Here’s a letter to Al Arabiya English:
I respectfully dissent from my former colleague Omar Al-Ubaydli’s case that Covid-19 lockdowns will perhaps boost innovation (“How coronavirus lockdowns can boost innovation,” Dec. 23).
Omar grounds his conclusion on a new paper whose authors examined the impact of U.S. city lockdowns during the 1918 flu epidemic. Some U.S. cities back then imposed more stringent restrictions than did other cities. The paper’s authors find, as Omar writes, “that innovation rates in the long-lockdown cities were approximately equal to those in the short-lockdown cities during the pandemic…. Moreover, in the long-run, the long-lockdown cities fared considerably better than the short-lockdown cities; patent applications increased by 12 percent following the pandemic’s conclusion.”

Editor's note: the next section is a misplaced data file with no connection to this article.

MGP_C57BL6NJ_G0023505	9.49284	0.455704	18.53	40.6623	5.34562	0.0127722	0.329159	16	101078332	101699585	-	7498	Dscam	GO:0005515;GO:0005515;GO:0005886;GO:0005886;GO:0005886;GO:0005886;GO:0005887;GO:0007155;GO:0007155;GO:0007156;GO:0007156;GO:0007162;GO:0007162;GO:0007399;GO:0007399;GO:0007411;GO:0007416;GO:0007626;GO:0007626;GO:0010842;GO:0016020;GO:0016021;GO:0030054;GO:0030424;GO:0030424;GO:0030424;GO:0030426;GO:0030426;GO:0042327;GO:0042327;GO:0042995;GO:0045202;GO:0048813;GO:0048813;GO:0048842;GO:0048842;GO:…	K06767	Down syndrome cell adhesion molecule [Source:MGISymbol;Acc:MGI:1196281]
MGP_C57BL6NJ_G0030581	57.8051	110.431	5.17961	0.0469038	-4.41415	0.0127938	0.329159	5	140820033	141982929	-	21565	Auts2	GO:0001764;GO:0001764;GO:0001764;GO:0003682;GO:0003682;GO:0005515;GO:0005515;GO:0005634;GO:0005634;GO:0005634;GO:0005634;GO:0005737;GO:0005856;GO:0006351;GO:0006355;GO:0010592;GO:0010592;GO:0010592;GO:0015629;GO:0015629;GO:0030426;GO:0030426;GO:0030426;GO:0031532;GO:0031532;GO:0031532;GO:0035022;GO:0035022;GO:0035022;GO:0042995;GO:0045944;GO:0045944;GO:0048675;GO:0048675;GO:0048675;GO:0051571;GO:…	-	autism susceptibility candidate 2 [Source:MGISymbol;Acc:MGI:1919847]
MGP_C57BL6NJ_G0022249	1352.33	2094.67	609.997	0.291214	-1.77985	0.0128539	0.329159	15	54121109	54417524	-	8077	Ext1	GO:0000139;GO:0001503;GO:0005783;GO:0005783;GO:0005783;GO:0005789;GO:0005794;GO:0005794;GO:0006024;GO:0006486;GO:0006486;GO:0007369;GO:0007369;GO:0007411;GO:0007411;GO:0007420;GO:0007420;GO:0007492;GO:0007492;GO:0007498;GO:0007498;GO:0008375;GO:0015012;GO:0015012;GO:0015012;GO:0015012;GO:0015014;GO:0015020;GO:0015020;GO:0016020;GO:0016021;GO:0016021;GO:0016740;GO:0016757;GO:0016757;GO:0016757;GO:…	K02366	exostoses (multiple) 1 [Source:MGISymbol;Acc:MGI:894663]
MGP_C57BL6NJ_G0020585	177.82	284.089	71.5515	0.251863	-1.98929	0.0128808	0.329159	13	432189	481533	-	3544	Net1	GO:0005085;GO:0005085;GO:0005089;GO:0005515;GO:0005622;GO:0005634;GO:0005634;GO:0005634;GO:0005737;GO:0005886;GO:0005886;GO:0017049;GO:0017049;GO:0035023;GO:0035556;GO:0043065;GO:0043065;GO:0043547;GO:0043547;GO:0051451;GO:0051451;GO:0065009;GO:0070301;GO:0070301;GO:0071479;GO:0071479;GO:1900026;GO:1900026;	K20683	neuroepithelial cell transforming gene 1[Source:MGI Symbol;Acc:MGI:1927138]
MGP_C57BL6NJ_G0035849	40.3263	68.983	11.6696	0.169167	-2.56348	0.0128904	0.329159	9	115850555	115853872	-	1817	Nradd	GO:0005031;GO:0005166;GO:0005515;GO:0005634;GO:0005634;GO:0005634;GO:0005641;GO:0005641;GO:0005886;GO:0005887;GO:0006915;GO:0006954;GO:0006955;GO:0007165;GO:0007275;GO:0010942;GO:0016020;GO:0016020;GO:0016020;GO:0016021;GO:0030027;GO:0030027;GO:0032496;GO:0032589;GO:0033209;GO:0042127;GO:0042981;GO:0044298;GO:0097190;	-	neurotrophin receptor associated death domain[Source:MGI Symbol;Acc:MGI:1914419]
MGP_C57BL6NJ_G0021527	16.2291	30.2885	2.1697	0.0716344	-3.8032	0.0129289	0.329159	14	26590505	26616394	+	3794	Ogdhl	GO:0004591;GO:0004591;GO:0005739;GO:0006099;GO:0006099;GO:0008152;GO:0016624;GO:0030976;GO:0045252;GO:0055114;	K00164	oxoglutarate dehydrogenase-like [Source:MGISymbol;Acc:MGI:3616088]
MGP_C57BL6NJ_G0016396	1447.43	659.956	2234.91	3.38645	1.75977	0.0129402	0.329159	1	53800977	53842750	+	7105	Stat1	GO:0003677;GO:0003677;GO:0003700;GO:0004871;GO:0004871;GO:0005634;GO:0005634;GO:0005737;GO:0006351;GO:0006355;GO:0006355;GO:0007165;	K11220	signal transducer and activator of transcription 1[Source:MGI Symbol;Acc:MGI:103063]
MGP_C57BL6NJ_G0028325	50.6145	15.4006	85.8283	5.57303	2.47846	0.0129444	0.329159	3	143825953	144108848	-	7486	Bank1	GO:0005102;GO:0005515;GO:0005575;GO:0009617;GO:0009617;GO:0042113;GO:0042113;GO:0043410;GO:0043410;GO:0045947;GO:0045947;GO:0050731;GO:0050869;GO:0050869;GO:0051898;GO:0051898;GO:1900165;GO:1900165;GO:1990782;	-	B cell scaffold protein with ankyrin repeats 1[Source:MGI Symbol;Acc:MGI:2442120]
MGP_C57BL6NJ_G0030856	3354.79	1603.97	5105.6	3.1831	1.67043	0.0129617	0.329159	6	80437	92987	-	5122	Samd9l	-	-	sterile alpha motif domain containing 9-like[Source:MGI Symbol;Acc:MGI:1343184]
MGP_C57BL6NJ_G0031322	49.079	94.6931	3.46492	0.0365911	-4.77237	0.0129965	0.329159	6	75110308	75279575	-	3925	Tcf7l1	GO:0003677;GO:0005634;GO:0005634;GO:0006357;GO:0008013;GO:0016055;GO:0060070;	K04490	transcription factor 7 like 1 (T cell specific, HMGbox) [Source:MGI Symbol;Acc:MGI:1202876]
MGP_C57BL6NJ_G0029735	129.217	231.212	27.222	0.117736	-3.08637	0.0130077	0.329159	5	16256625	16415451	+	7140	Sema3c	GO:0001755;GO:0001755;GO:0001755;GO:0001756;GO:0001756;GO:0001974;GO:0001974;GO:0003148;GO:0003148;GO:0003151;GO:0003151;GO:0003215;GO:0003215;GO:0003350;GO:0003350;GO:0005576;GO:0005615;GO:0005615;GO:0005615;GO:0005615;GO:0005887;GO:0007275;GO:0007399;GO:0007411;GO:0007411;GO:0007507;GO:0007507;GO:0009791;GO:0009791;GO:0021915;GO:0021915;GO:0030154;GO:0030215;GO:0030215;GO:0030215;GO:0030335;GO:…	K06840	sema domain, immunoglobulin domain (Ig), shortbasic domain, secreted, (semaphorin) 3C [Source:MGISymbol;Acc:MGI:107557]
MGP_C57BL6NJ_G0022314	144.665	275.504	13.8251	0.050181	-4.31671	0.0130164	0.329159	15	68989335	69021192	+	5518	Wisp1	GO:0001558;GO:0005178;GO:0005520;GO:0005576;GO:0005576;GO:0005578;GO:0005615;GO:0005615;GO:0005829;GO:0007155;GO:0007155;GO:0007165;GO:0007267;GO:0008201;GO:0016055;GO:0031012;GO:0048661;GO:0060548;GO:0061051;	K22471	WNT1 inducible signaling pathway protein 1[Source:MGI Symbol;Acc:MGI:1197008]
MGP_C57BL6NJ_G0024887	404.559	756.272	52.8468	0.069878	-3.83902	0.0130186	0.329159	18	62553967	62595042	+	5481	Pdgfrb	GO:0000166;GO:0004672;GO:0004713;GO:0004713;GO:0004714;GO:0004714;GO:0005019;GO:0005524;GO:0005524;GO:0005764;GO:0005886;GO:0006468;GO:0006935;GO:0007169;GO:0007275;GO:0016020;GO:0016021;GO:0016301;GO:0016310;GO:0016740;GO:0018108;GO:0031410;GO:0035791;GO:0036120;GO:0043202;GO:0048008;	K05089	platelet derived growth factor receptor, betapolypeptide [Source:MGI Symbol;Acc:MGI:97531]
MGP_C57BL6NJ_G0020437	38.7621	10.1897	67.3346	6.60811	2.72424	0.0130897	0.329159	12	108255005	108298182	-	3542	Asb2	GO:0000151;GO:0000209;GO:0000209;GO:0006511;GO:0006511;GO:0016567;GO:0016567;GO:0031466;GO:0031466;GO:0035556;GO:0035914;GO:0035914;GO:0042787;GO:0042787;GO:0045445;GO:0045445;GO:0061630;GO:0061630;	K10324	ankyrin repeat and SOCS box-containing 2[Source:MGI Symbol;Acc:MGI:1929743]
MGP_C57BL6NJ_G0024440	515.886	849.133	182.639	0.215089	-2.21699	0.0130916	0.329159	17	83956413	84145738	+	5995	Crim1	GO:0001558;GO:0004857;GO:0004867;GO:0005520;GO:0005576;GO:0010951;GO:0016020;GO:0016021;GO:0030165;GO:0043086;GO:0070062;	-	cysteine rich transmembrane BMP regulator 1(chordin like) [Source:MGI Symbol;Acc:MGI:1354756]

Following the paper’s authors, Omar speculates that lives saved by the strictest 1918 lockdowns not only ensured a greater supply of future inventors, but also preserved “intangible and organizational assets, such as the knowledge embedded in successful companies.”
Without questioning this paper’s conclusion about the 1918 pandemic, that conclusion contains no lesson for today. Unlike the far-more-lethal Spanish flu, Covid reserves its damage overwhelmingly for the elderly. Nearly a third (32 percent) of Covid deaths in the U.S. are of people 85 years old or older, while a whopping 80 percent of Covid deaths in the U.S. are of people 65 years or older.
Covid, in short, almost exclusively kills retirees, and especially ones who are very old and frail. Therefore, any lives that are saved by Covid lockdowns are not those of individuals who will be filing applications for patents.
Donald J. Boudreaux
Professor of Economics
Martha and Nelson Getchell Chair for the Study of Free Market Capitalism at the Mercatus Center
George Mason University
Fairfax, VA 22030